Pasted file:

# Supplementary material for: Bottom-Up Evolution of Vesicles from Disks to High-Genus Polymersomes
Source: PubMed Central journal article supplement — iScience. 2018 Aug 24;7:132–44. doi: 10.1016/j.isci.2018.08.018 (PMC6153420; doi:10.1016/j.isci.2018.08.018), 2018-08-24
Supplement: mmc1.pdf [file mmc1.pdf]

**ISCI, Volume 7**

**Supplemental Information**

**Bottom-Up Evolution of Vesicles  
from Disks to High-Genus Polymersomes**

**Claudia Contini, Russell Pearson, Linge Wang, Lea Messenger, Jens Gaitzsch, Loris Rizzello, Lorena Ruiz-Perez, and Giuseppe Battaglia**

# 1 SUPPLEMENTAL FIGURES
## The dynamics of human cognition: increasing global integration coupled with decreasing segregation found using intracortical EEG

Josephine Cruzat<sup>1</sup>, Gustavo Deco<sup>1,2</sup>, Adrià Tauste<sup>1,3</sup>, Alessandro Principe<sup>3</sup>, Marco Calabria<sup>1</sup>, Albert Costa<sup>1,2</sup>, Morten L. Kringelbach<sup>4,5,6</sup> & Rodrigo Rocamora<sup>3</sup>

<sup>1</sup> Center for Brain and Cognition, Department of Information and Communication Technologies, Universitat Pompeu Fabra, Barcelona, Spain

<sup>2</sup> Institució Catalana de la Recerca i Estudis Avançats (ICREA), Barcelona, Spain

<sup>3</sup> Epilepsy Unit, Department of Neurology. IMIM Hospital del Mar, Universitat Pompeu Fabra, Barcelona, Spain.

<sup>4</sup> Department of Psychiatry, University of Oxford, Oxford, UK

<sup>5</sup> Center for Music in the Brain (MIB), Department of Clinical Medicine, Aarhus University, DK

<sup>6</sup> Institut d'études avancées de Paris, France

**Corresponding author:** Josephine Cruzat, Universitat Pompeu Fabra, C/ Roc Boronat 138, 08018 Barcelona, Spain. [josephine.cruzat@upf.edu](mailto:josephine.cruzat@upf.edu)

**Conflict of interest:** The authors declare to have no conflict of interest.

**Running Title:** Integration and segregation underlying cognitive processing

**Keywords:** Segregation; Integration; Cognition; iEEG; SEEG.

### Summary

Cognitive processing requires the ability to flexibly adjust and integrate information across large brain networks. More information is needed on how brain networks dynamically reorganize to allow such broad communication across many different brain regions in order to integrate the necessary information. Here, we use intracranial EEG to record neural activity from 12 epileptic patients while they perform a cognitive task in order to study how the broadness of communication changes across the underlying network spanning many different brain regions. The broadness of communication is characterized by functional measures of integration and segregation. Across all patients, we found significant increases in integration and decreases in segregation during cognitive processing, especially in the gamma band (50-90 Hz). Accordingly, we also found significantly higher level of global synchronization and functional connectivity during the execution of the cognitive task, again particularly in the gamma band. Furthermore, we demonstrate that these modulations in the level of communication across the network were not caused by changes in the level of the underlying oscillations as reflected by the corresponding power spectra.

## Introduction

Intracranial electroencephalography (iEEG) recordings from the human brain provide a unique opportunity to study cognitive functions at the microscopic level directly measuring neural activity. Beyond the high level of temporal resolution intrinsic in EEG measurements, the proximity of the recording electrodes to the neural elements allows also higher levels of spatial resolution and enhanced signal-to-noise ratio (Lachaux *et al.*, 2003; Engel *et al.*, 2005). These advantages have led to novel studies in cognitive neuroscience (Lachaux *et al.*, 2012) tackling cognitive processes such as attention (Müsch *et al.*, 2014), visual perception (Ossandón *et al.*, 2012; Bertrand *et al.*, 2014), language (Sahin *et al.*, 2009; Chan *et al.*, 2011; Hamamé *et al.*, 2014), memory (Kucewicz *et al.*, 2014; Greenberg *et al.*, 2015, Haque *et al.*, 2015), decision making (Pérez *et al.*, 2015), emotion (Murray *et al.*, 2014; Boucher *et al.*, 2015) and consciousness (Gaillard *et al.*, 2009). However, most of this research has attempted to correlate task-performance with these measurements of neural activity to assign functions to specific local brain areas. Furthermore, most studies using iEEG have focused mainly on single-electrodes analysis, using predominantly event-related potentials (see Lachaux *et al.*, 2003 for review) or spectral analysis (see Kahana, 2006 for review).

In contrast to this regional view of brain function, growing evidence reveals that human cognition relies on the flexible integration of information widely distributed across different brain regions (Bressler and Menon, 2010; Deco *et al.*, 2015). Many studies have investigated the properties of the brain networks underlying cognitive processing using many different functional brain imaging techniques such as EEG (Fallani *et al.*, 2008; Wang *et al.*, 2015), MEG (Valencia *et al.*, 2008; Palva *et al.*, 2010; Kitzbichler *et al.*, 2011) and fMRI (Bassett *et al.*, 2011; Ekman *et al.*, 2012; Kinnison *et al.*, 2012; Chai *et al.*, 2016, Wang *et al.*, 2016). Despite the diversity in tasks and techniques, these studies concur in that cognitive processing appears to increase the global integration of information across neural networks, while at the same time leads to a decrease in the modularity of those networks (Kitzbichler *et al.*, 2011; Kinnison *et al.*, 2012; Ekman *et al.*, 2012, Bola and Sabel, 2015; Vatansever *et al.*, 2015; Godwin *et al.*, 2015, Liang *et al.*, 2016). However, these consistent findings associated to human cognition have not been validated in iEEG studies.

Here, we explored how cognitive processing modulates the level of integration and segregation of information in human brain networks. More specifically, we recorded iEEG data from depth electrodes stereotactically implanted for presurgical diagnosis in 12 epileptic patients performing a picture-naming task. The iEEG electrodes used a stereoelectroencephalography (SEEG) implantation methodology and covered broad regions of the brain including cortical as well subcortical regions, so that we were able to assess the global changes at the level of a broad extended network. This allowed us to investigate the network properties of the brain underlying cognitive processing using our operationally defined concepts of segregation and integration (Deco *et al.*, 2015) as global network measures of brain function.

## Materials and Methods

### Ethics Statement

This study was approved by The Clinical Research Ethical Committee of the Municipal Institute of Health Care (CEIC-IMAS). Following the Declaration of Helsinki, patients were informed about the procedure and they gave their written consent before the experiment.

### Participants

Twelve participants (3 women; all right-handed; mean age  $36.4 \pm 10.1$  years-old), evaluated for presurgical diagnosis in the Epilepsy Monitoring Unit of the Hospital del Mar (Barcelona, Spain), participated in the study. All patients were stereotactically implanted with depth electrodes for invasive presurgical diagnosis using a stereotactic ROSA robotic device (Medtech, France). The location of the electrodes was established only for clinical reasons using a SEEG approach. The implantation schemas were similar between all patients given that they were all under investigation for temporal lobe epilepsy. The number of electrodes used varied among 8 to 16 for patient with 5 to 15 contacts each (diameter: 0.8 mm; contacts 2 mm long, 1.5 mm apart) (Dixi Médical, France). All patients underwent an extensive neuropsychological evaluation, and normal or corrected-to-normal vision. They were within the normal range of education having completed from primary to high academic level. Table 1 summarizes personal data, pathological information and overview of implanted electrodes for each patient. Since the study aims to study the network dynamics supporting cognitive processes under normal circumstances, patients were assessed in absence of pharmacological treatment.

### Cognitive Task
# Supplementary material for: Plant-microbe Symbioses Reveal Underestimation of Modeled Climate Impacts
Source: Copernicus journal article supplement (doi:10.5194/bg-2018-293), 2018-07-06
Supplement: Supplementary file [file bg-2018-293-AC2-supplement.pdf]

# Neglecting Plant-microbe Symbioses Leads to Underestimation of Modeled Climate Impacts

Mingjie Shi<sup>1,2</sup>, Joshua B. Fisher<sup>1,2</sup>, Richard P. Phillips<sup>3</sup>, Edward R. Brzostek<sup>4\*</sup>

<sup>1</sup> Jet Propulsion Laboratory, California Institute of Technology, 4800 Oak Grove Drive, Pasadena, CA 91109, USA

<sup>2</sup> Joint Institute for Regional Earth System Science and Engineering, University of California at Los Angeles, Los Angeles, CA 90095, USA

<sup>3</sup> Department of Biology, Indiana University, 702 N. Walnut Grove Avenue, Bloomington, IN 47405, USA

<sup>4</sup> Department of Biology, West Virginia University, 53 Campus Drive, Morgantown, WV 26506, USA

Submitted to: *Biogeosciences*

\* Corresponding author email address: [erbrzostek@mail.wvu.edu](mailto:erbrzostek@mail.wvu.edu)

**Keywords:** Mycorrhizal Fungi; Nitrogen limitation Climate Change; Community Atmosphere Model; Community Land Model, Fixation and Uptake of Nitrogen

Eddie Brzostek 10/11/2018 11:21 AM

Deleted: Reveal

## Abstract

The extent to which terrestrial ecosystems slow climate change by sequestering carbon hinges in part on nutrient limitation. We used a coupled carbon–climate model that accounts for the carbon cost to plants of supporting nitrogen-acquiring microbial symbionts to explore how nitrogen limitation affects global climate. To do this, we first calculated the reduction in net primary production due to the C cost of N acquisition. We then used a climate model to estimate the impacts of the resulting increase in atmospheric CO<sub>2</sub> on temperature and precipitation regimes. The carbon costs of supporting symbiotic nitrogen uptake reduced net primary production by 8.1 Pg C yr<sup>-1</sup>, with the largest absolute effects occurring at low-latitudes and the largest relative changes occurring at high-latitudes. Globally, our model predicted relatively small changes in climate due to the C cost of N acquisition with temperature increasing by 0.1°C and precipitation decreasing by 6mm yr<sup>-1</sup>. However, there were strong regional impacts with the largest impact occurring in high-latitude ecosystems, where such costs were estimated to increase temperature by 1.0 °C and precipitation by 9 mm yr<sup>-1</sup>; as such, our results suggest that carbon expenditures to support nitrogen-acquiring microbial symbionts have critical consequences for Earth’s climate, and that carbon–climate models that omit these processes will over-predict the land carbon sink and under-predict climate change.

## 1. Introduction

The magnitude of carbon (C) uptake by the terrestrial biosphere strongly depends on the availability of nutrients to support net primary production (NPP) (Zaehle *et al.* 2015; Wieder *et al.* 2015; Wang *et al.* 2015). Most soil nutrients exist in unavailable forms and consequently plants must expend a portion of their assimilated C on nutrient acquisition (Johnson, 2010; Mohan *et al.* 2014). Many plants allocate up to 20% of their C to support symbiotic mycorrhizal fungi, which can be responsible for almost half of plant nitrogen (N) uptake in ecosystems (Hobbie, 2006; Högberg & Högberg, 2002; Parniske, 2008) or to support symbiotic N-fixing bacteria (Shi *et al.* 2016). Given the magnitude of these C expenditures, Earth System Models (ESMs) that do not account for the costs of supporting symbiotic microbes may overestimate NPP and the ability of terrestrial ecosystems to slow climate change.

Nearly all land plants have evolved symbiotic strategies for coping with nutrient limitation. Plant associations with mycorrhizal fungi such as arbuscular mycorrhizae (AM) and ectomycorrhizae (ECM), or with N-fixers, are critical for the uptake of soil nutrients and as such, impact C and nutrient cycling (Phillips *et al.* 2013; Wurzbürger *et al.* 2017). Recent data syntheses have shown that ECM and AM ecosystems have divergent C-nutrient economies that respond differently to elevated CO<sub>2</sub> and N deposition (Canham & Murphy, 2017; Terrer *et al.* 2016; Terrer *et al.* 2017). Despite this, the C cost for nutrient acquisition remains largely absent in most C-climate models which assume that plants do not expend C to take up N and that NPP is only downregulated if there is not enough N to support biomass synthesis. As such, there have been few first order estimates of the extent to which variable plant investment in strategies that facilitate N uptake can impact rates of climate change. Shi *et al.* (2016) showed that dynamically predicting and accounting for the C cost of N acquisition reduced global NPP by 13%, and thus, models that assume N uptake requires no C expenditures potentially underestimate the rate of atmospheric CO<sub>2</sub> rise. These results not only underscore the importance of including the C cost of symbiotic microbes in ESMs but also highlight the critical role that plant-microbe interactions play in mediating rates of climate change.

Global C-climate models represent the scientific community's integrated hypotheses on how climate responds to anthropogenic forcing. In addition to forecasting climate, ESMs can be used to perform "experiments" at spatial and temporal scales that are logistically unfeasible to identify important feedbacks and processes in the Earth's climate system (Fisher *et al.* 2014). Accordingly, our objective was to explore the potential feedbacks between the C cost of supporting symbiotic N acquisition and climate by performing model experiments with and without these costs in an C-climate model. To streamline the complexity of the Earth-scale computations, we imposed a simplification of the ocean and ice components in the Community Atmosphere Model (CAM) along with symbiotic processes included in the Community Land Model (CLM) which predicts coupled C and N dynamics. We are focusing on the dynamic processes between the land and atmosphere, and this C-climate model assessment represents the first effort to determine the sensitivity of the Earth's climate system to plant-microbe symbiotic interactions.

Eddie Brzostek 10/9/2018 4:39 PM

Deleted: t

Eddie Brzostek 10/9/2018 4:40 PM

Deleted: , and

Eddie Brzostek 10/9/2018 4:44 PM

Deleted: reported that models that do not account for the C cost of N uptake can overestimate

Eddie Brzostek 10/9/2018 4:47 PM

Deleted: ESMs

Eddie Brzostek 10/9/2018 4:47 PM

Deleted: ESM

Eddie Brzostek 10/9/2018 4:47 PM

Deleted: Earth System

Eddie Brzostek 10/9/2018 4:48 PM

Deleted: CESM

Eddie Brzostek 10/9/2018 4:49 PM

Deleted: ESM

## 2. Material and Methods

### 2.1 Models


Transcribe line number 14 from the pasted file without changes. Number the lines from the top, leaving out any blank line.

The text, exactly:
<sup>3</sup> Epilepsy Unit, Department of Neurology. IMIM Hospital del Mar, Universitat Pompeu Fabra, Barcelona, Spain.